End of Summer Linkfest: Week in Preview
Yesterday, we looked at the week that was. Today, we preview the week that will be.
In my mind, the shock & awe move by the Fed made a few things very clear:
1) The Fed is VERY concerned about a recession in general, and the credit freeze in particular.
2) Inflation -- whether it moderates or not -- has become less of a concern to the Fed;
3) The US dollar has become a sacrificial virgin.
That 3rd issue may be quite telling: Jack Ablin notes that "growth in the S&P 500, up almost 8% in dollars year-to-date, dwindles to 1% when denominated in euros. If the dollar falls further, U.S. markets become much less compelling for overseas investors."
We get some noteworthy economic news this week: On Tuesday, weekly same Store Sales and Conference Board's consumer confidence index are released, followed by Existing Home Sales. New Home Sales data is released Thursday. The Housing issue has two problems: There's too much inventory, and prices are too high. (Gee, do ya think these problems are related?). Also on deck this week: earnings reports from both Lennar (LEN) and KB Home (KBH).
Wednesday we hear the Durable Goods Orders data, and MBA Purchase Applications fdor mortgages. On Thursday, the Final Q2 2007 GDP data is released (old news). We also get Jobless Claims and the Help Wanted Index. Friday sees 4 minor reports, all of which are liekly to contradict each other: Personal Income and Outlays (mediocre), NAPM-Chicago (pretty ok), Construction Spending (good) and Consumer Sentiment (could be good).
As if we haven't heard enough from the Fed, this week brings speeches from: Philadelphia Fed President Charles Plosser, St. Louis Fed President William Poole, Boston President Eric Rosengren, Chicago President Charles Evans, Fed Governor Frederic Mishkin, Atlanta Fed President Dennis Lockhart, San Francisco Fed President Janet Yellen. Then, just for shoots & giggles, both Poole and Mishkin speak again on Friday (whew!).
Finally, Q3 earnings pre-announcement period is upon us. We could hear some interesting items, both positive and negative, from quite a few belwhethers.
We have links to get at, and sins to atone for. Time to get busy:
INVESTING & TRADING
• A Big Lift, or a Sign of Trouble?: TRADERS were ecstatic when the Federal Reserve cut interest rates by half a percentage point instead of the quarter-point move that many had expected. Whether the good times keep rolling or slow to a crawl as second thoughts emerge may become clear this week. It could go either way, said Ed Yardeni, president of Yardeni Research. It depends on how much largess Wall Street is counting on from the central bank, and for how long. (New York Times)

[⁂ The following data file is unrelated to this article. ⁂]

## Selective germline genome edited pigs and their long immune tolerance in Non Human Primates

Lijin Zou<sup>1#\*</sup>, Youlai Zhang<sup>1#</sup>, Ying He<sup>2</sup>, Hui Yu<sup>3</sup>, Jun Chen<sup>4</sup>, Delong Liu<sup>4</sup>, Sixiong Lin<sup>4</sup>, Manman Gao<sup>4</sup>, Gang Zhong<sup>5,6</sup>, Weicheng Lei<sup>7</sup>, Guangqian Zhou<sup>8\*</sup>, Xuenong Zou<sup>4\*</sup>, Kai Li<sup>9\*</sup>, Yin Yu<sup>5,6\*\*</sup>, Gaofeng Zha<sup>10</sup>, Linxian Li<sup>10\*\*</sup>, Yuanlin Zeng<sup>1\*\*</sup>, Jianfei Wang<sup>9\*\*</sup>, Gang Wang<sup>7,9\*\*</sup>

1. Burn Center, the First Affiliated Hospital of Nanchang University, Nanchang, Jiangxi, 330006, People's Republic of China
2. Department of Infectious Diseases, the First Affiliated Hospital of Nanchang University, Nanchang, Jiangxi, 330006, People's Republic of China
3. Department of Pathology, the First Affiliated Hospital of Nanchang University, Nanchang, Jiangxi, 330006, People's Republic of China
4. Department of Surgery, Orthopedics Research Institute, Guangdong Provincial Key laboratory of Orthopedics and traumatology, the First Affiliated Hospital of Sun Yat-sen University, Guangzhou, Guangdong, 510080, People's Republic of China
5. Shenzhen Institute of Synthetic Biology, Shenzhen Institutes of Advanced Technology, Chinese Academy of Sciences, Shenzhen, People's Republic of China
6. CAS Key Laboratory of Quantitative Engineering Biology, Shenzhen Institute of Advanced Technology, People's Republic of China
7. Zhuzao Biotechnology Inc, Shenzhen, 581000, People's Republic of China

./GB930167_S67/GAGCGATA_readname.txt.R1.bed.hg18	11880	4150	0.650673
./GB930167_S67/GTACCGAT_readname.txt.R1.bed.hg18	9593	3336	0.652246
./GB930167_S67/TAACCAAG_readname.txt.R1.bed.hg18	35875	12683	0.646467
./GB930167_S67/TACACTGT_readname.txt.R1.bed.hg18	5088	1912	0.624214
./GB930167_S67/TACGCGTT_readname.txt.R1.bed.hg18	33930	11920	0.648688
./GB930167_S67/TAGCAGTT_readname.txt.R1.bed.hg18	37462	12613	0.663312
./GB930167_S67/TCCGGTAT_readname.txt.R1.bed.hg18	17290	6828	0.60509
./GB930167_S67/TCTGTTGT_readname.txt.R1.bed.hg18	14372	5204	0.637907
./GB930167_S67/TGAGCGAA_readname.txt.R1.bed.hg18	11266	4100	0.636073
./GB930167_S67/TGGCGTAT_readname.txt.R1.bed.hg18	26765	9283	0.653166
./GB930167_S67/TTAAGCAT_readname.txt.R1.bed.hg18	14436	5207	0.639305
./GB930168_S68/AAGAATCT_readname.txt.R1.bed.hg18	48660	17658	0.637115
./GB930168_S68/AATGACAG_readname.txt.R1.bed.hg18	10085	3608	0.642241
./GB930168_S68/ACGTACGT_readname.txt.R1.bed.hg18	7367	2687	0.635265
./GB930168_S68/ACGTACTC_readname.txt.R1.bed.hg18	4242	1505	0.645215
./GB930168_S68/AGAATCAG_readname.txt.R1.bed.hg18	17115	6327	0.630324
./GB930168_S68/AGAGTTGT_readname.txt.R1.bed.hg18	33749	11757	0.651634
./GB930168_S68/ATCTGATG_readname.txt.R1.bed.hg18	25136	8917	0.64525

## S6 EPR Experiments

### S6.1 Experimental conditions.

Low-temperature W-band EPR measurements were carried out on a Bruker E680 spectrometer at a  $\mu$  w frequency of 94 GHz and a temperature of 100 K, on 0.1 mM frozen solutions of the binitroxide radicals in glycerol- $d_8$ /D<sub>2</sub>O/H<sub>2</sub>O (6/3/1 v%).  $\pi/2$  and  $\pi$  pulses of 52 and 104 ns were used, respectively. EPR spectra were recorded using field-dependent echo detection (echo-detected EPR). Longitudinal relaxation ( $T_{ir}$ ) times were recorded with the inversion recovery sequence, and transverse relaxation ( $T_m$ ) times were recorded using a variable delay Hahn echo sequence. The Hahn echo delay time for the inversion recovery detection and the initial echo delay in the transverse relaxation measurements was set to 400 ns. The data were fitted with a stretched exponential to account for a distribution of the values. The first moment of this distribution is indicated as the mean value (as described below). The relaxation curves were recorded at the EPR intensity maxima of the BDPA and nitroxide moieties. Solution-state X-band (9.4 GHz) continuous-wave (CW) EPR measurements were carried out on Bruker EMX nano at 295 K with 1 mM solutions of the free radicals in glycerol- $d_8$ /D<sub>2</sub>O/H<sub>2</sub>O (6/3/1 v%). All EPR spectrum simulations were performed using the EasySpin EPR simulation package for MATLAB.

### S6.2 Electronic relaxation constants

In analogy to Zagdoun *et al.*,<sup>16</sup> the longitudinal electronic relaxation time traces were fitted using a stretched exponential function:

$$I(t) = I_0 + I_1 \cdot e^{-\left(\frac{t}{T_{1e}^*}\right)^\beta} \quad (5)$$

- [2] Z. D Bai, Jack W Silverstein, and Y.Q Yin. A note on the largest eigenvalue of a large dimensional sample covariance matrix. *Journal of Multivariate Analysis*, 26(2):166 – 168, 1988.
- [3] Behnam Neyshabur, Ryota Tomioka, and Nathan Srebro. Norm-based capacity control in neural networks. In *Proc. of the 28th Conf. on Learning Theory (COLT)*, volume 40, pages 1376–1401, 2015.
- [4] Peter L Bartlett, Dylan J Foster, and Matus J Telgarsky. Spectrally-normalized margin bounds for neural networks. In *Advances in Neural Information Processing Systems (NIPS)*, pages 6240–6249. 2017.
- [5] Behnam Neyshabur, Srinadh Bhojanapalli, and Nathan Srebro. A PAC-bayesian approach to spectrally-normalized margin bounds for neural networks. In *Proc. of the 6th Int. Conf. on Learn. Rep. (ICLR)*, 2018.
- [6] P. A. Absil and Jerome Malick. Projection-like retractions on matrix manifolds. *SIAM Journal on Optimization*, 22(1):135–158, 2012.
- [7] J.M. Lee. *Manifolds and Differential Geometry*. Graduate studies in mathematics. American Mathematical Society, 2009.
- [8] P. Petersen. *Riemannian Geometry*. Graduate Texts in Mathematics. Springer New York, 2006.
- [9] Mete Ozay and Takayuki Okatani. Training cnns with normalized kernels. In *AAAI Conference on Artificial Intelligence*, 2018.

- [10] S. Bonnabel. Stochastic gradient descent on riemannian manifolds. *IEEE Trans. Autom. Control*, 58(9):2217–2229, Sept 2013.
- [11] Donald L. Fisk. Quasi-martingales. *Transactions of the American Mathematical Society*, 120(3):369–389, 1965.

• The usually soberJon Markman asks: Are we headed for an epic bear market?: Rather than joining the crowd that blames the mess on American slobs who took on more mortgage debt than they could afford and have endangered the world by stiffing lenders, he points a finger at three parties: regulators who stood by as U.S. banks developed ingenious but dangerous ways of shifting trillions of dollars of credit risk off their balance sheets and into the hands of unsophisticated foreign investors; hedge and pension fund managers who gorged on high-yield debt instruments they didn't understand; and financial engineers who built towers of "securitized" debt with math models that were fundamentally flawed. (MSN)
• Why Firms Like Smucker May Feel Pinch of Debt Crunch: In recent years, Smucker joined the ranks of other nonfinancial companies such as Garmin Ltd., Microsoft Corp., Netflix Inc. and Sun Microsystems Inc. by investing in what had been viewed as relatively safe investments that produced slightly better returns than cash and government bonds -- and could be sold quickly if needed. Many of these companies are cash-rich, looking for a secure place to park their millions. And none are expected to cash out any time soon. The issue for investors is how these companies determine the "fair" value of their mortgage-backed securities in the current environment, and whether they are telling the whole story about how easily these assets can be liquidated -- and for how much. (Wall Street Journal).
• Mark Hulbert asks, How Many Quarters in a Row Can Earnings Really Grow?: A new study has found compelling evidence that companies often tinker with their earnings to make themselves look more attractive.The study found nearly 600 companies over the last four decades that at some point reported earnings increases for at least 20 consecutive quarters — far more than would be expected if no earnings manipulation had taken place. (New York Times)